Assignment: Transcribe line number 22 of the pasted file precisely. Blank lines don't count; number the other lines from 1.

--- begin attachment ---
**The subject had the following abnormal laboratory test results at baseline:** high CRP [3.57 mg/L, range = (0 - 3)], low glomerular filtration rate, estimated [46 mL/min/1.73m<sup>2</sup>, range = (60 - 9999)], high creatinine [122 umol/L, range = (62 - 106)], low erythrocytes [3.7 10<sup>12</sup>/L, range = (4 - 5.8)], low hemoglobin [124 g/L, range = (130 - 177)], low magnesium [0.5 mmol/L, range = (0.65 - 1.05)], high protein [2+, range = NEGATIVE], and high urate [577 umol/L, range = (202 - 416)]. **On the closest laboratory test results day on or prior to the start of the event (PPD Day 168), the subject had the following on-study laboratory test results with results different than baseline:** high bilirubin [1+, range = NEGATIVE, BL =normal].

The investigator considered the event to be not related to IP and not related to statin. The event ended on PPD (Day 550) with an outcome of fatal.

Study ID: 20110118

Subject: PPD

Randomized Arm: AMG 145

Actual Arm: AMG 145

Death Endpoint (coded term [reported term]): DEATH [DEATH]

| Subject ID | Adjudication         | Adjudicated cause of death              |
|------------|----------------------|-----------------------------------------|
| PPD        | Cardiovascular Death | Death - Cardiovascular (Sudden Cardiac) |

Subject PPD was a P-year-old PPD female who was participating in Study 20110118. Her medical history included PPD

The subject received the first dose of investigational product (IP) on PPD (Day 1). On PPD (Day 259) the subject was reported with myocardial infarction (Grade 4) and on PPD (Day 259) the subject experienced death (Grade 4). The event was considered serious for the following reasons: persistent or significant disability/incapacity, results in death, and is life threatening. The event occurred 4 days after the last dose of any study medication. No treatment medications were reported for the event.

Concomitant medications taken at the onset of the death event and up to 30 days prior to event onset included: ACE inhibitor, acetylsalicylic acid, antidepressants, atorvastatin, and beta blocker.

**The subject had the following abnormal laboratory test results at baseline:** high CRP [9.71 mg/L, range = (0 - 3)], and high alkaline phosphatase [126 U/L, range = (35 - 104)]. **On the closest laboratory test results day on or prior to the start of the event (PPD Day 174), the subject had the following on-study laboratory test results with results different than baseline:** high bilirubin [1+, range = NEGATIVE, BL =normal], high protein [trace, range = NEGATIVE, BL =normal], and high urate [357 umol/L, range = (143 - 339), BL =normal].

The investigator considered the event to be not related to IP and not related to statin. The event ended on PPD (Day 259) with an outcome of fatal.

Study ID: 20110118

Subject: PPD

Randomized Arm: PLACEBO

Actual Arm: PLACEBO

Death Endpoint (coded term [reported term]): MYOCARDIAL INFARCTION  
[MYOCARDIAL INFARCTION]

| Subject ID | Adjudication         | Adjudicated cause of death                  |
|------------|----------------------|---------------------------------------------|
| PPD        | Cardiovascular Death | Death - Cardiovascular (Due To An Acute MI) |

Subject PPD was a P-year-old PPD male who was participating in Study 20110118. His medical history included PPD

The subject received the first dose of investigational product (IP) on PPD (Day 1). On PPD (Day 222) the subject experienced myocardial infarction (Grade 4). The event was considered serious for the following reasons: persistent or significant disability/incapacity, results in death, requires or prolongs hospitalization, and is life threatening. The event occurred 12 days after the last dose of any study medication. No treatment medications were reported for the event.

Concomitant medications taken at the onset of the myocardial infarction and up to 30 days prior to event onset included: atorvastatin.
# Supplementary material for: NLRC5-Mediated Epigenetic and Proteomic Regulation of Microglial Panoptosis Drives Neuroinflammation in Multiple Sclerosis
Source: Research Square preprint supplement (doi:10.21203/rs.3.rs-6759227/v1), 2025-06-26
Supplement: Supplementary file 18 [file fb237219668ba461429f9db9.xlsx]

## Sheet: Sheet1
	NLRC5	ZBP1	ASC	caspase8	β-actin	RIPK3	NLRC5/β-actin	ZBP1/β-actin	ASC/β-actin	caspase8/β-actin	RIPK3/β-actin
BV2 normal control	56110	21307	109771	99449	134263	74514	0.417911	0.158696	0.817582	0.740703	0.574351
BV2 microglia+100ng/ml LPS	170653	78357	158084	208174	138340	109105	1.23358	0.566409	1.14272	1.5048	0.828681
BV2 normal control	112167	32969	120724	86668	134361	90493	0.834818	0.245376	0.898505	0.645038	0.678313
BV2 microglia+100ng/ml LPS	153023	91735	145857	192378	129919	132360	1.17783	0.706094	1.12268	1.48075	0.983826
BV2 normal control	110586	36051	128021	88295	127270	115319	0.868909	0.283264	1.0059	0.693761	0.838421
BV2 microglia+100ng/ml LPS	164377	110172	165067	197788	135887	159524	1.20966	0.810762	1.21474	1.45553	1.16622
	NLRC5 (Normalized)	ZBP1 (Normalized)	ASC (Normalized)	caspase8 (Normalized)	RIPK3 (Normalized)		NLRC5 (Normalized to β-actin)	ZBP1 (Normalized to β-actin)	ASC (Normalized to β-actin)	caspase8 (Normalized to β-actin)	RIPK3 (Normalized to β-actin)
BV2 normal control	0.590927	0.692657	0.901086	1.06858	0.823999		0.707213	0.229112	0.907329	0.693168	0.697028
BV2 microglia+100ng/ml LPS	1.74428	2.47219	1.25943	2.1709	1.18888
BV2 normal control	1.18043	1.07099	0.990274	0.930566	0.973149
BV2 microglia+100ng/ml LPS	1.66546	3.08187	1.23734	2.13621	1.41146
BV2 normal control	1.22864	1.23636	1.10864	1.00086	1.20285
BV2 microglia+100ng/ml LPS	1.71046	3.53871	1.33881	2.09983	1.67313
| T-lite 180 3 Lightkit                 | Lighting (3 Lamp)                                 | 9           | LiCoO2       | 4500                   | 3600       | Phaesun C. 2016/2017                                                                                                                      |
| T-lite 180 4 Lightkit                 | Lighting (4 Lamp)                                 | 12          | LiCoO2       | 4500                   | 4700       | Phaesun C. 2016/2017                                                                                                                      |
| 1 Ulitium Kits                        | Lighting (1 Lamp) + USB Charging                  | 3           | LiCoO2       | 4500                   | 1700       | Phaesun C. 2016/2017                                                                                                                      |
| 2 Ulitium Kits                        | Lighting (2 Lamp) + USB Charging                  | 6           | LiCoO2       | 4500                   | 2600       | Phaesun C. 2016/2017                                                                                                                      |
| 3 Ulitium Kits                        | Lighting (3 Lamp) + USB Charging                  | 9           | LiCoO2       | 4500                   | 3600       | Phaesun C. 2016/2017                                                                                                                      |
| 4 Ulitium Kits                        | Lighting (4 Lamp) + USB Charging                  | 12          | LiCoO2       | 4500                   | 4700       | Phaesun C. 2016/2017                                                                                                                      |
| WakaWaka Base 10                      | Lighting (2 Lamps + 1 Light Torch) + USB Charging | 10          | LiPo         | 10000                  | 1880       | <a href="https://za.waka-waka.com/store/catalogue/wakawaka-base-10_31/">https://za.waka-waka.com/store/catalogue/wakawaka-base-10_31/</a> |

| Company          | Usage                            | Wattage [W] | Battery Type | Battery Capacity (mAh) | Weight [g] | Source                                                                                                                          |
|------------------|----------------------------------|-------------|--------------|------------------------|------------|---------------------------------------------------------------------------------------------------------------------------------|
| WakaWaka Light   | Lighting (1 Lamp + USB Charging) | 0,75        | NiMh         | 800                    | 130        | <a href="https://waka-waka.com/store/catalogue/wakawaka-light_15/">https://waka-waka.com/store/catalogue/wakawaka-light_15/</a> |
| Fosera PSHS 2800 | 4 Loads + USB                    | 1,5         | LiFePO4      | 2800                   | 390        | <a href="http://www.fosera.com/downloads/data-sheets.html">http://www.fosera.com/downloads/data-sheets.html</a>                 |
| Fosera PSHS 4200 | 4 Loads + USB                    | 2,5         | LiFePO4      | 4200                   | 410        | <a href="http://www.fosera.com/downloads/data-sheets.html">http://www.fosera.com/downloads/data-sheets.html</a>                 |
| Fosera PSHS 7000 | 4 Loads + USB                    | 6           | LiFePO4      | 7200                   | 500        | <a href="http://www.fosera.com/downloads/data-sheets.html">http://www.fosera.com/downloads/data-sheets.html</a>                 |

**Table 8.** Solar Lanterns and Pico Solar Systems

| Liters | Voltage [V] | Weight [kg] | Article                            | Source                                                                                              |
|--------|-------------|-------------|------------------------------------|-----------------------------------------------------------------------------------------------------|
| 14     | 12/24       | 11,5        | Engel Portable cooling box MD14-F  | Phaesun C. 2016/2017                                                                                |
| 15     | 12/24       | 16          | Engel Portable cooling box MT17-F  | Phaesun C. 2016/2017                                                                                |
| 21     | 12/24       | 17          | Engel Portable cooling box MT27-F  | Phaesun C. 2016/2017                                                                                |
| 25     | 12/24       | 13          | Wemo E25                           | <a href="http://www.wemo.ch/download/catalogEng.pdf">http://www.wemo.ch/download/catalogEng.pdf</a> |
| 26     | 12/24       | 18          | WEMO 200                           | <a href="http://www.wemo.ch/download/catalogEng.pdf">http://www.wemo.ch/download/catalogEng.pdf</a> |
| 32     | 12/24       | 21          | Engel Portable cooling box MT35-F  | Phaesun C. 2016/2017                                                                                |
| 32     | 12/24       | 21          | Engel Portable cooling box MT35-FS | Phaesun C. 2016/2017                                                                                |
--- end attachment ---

| Subject ID | Adjudication         | Adjudicated cause of death                  |